Fish (fresh, frozen, canned in water), low-fat fish sticks or cakes and shellfish (such as shrimp)

Prime and marbled cuts

Select-grade lean beef (round, sirloin and loin)

Pork spare ribs and bacon

Lean pork (tenderloin and loin chop) and turkey bacon

Regular ground beef

Lean or extra-lean ground beef, ground chicken and turkey breast

Lunch meats such as pepperoni, salami, bologna and liverwurst

Lean lunch meats such as turkey, chicken and ham

Regular hot dogs or sausage

Fat-free hot dogs and turkey dogs

Fruits and Vegetables

Fruits and vegetables are naturally low in fat. They add flavor and variety to your diet. They also contain fiber, vitamins and minerals.

Margarine, butter, mayonnaise and sour cream add fat to vegetables and fruits. Try using nonfat or low-fat versions of these foods. You can also use nonfat or low-fat yogurt or herbs as seasonings instead.

Instead of this:

Try this:

Fried vegetables or vegetables served with cream, cheese or butter sauces

All vegetables raw, steamed, broiled, baked or tossed with a very small amount of olive oil and salt and pepper


Fruit (fresh or canned in light syrup)

French fries, hash browns and potato chips

Baked, mashed and boiled potatoes or sweet potatoes


Whole-grain breads are low in fat; they're also high in fiber and complex carbohydrates, which helps you feel fuller longer and prevents overeating. Choose these breads for sandwiches and as additions to meals.

Avoid rich bakery foods such as donuts, sweet rolls and muffins. These foods can contain more than 50% fat calories. Snacks such as angel food cake and gingersnap cookies can satisfy your sweet tooth without adding fat to your diet.

Hot and cold cereals are usually low in fat. But instant cereals with cream may contain high-fat oils or butterfat. Granola cereals may also contain high-fat oils and extra sugars. Look for low-sugar options for both instant and granola cereals.

Avoid fried snacks such as potato chips and tortilla chips. Try the low-fat or baked versions instead.

Instead of this:

Try this:

Croissants, biscuits, white breads and rolls

Low-fat whole grain breads and rolls (wheat, rye and pumpernickel)

Doughnuts, pastries and scones

English muffins and small whole grain bagels

Fried tortillas

Soft tortillas (corn or whole wheat)

Sugar cereals and regular granola

Oatmeal, low-fat granola and whole-grain cereal

Snack crackers

Crackers (animal, graham, rye, soda, saltine, oyster)

Potato or corn chips and buttered popcorn

Pretzels (unsalted) and popcorn (unbuttered)

White pasta

Whole-wheat pasta

White rice

Brown rice

Fried rice, or pasta and rice mixes that contain high-fat sauces

Rice or pasta (without egg yolk) with vegetable sauces

All-purpose white flour

100% whole-wheat flour

Determine Your Calorie Needs

Different groups of people have different daily calorie needs. For example, an adult athlete will need to consume more calories than a moderately active 3 year old.

When eating store-bought foods, be sure to look at the nutrition label to see how many calories are in one serving.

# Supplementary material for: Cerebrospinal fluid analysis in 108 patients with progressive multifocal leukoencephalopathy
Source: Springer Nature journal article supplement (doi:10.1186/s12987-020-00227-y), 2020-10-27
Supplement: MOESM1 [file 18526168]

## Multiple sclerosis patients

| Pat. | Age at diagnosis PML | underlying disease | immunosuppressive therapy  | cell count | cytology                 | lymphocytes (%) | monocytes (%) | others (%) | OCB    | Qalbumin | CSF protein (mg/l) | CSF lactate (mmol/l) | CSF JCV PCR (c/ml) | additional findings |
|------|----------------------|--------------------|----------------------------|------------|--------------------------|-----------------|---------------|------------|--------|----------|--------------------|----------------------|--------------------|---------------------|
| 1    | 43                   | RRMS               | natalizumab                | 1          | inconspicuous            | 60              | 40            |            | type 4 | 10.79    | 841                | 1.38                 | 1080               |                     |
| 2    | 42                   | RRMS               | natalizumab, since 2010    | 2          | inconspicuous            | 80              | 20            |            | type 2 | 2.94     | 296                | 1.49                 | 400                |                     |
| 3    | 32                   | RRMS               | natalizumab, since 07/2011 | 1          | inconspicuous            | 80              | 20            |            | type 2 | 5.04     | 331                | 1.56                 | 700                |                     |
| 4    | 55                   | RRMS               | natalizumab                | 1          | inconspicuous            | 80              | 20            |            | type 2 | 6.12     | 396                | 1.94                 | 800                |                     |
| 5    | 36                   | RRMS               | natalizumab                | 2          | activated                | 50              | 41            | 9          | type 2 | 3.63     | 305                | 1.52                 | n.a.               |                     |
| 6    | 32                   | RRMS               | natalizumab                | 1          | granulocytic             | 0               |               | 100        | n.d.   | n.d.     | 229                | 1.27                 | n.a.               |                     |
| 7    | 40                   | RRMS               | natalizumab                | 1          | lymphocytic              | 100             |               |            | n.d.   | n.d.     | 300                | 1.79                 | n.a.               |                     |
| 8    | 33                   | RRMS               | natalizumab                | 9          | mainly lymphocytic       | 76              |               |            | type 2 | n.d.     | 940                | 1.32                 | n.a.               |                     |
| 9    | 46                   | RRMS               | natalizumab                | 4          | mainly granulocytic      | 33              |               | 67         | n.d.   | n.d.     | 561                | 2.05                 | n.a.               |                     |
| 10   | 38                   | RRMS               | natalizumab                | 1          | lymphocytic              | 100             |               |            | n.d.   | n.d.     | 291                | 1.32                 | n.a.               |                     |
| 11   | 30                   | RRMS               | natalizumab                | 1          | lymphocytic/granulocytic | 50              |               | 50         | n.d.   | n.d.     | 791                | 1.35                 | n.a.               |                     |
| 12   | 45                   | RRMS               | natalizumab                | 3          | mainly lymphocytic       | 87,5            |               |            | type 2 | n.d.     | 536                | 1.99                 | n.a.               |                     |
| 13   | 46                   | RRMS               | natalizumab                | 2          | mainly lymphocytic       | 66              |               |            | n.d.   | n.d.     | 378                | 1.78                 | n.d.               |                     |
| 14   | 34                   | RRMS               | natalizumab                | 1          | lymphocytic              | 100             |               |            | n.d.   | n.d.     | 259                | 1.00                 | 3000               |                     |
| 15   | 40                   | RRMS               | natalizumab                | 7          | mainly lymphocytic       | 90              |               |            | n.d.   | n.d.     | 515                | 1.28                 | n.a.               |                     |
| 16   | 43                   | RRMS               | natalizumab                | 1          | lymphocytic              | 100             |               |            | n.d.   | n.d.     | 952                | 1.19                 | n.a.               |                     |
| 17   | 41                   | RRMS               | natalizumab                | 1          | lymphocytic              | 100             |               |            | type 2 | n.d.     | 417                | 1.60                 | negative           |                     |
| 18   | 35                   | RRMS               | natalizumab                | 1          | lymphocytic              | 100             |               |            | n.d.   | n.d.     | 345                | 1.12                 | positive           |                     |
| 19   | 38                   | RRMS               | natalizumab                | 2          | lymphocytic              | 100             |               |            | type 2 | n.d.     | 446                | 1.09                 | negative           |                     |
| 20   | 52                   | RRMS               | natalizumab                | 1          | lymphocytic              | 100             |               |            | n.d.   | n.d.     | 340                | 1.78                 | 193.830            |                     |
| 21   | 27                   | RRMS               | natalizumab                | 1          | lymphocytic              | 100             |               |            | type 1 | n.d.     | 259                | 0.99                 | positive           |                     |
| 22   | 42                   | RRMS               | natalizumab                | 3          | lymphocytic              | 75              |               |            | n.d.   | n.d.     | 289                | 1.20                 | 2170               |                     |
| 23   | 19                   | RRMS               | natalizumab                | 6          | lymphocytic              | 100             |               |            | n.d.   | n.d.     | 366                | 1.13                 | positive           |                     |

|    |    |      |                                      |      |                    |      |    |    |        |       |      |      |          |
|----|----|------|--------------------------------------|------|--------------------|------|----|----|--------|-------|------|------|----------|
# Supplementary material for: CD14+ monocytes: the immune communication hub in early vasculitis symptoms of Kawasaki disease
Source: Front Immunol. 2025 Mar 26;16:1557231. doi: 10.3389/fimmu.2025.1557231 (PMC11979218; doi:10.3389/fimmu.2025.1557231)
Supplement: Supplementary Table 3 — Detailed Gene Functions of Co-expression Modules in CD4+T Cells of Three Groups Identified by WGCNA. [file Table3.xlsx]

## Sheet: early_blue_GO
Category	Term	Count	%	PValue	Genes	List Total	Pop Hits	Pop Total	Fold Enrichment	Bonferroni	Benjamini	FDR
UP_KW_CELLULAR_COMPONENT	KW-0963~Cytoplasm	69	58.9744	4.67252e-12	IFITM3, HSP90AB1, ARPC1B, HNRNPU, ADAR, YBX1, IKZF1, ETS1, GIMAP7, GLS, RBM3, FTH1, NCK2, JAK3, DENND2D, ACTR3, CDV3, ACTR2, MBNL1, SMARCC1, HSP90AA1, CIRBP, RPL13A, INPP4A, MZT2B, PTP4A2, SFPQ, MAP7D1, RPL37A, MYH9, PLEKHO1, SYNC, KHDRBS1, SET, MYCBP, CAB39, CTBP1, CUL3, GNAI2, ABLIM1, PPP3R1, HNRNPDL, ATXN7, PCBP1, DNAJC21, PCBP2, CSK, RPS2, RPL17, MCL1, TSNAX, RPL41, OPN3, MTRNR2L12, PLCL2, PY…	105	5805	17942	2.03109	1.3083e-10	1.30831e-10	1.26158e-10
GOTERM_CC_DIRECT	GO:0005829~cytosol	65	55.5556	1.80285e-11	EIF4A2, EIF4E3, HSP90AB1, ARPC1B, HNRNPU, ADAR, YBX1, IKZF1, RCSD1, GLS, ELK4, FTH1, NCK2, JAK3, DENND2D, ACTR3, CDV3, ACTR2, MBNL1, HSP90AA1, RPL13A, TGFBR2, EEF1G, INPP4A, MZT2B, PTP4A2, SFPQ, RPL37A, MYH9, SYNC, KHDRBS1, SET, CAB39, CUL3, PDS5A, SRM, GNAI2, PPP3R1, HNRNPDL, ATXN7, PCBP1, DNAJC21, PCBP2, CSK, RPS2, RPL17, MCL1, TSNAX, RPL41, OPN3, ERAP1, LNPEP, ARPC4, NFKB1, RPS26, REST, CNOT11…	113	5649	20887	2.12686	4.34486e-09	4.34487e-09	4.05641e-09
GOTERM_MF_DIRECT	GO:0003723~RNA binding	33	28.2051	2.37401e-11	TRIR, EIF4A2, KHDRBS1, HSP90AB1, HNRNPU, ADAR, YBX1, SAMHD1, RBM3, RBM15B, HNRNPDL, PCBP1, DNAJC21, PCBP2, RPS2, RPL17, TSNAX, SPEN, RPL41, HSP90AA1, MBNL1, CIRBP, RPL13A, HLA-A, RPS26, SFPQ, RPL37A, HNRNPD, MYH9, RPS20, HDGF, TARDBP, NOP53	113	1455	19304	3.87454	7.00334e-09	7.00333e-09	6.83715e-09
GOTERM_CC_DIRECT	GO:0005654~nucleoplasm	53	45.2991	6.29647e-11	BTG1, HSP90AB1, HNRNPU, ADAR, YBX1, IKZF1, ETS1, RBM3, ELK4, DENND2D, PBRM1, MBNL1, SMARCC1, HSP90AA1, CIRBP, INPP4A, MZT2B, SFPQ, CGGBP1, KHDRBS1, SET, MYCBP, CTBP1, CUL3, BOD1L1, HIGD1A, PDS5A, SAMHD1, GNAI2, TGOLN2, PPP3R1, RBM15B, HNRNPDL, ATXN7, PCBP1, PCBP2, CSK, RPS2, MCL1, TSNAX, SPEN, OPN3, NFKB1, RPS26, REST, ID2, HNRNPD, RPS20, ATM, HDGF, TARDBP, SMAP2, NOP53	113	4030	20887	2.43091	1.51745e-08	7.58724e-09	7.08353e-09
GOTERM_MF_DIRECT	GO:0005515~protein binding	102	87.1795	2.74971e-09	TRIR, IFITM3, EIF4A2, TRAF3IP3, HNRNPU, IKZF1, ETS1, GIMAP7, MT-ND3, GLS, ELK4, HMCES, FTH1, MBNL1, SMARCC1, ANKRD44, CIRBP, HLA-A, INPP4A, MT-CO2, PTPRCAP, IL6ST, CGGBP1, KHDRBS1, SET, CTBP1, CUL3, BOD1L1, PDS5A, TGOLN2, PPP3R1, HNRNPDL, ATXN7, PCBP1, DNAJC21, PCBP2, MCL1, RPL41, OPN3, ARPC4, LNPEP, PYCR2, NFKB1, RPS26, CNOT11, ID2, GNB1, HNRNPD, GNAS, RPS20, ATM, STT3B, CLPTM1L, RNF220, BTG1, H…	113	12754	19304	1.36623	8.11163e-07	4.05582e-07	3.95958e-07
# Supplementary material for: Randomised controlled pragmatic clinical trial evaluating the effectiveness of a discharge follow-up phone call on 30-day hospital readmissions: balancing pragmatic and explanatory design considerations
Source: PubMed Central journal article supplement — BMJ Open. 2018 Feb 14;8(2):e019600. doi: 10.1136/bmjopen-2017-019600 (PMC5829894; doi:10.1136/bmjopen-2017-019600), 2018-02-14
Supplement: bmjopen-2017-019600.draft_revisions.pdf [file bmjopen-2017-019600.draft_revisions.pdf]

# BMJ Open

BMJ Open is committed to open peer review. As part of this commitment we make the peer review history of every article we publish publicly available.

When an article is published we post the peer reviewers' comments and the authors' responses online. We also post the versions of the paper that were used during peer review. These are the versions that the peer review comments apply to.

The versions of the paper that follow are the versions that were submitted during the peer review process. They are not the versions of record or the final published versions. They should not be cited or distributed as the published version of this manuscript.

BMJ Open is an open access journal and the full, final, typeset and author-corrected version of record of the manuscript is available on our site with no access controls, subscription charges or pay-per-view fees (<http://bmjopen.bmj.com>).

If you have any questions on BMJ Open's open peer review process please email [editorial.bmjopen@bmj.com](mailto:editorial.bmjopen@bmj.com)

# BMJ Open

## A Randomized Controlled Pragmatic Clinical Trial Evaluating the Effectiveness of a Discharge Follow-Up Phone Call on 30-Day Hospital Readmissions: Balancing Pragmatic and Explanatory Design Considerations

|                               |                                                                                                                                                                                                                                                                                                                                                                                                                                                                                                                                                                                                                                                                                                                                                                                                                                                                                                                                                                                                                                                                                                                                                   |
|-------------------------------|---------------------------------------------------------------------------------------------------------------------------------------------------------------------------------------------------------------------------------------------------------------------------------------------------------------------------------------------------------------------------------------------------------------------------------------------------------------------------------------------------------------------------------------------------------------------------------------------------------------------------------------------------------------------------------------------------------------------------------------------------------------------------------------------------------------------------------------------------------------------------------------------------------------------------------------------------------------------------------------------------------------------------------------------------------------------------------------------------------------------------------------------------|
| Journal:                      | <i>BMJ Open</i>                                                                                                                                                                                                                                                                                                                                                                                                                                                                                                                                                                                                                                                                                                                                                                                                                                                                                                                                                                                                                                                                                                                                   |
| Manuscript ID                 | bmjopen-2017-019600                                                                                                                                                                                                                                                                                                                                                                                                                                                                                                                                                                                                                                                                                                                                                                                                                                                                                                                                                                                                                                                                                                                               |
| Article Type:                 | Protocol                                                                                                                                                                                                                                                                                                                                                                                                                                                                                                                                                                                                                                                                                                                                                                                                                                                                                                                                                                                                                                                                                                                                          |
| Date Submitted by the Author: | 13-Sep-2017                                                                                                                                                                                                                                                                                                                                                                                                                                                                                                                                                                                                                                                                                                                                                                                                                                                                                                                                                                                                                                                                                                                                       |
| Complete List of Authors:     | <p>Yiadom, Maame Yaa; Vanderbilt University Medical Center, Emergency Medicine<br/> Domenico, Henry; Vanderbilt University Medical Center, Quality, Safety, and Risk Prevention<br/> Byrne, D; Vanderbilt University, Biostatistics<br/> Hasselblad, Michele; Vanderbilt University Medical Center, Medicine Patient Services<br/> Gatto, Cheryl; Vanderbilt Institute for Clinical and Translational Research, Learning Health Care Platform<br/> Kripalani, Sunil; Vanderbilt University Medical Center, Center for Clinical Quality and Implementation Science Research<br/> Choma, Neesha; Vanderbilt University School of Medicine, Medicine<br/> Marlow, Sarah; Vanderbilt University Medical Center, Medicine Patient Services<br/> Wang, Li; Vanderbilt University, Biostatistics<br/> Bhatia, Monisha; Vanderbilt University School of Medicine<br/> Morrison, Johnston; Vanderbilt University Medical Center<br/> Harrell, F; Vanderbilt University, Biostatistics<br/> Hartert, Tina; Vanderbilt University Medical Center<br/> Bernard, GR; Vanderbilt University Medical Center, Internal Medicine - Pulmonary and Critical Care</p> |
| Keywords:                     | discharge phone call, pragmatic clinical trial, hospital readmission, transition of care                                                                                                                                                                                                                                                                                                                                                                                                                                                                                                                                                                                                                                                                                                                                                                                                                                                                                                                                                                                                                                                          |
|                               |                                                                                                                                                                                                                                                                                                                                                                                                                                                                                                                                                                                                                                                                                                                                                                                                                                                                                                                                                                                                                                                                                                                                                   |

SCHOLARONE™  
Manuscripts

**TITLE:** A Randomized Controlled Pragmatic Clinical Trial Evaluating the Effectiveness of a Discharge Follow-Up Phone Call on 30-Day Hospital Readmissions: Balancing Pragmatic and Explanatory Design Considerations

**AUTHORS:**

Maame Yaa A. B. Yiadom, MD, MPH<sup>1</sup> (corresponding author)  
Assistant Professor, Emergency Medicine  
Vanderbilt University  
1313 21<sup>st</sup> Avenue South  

When eating out, choose what you’ll eat before you go. Most restaurants offer nutritional information online.

The following chart will help you determine the appropriate calorie need for your age, gender and activity level.



Activity Level


Age (years)


Moderately Active




1,000 calories

1,000-1,400* calories

1,000-1,400 calories*



1,200 calories

1,400-1,600 calories

1,400-1,800 calories



1,600 calories

1,600-2,000 calories

1,800-2,200 calories



1,800 calories

2,000 calories

2,400 calories



2,000 calories

2,000-2,200 calories

2,400 calories



1,800 calories

2,000 calories

2,200 calories



1,600 calories

1,800 calories

2,000-2,200 calories



1,400 calories

1,400-1,600 calories

1,600-2,000 calories



1,800 calories

1,800-2,200 calories

2,000-2,600 calories



2,200 calories

2,400-2,800 calories

2,800-3,200 calories



2,400 calories

2,600-2,800 calories

3,000 calories



2,200 calories

2,400-2,600 calories

2,800-3,000 calories



2,000 calories

2,200-2,400 calories

2,400-2,800 calories

* - The calorie ranges shown reflect the needs of different ages within the group. Children and adolescents need more calories as they get older. However, adults needs fewer calories at older ages.
The following terms are used in the chart and are defined by the U.S. Department of Agriculture:

Sedentary - a lifestyle that includes activity that is only associated with day-to-day life.

Moderately active - a lifestyle that includes physical activity equal to walking between 1.5 and 3 miles per day.

Active - a lifestyle that includes physical activity equal to walking more than 3 miles per day.


Vitamins and minerals


The following information is based on the Nutrient Reference Values for Australia and New Zealand Including Recommended Dietary Intakes. Specific advice for individual needs should be sought from a qualified dietitian.

The term nutrient identifies those substances in food that provide essential nourishment to maintain life.

Nutrient (Vitamins)

Needed for

Key sources

Vitamin A

  • maintaining normal reproduction
  • good vision
  • formation and maintenance of healthy skin, teeth and soft tissues of the body
  • immune function (has anti-oxidant properties).

Milk, cheese, eggs, fatty fish, yellow-orange vegetables and fruits such as carrots, pumpkin, mango, apricots, and other vegetables such as spinach, broccoli.

Vitamin B1 (Thiamin)

  • supplying energy to tissues
  • breaking down and using the energy and nutrients in carbohydrates, proteins and fats
  • nerve function

Fortified breakfast cereals, baking flour, wholegrains, wheatgerm, yeast, legumes, nuts, pork.

Vitamin B2 (Riboflavin)

  • obtaining energy from food
  • making Vit B6 active in the body
  • reducing a key cardiovascular risk factor
  • production of red blood cells and body growth

Milk, cheese, yoghurt, fortified breads and breakfast cereals.

Vitamin B3 (Niacin)

  • obtaining energy from food
  • breaking down and using carbohydrates, proteins and fats and their building blocks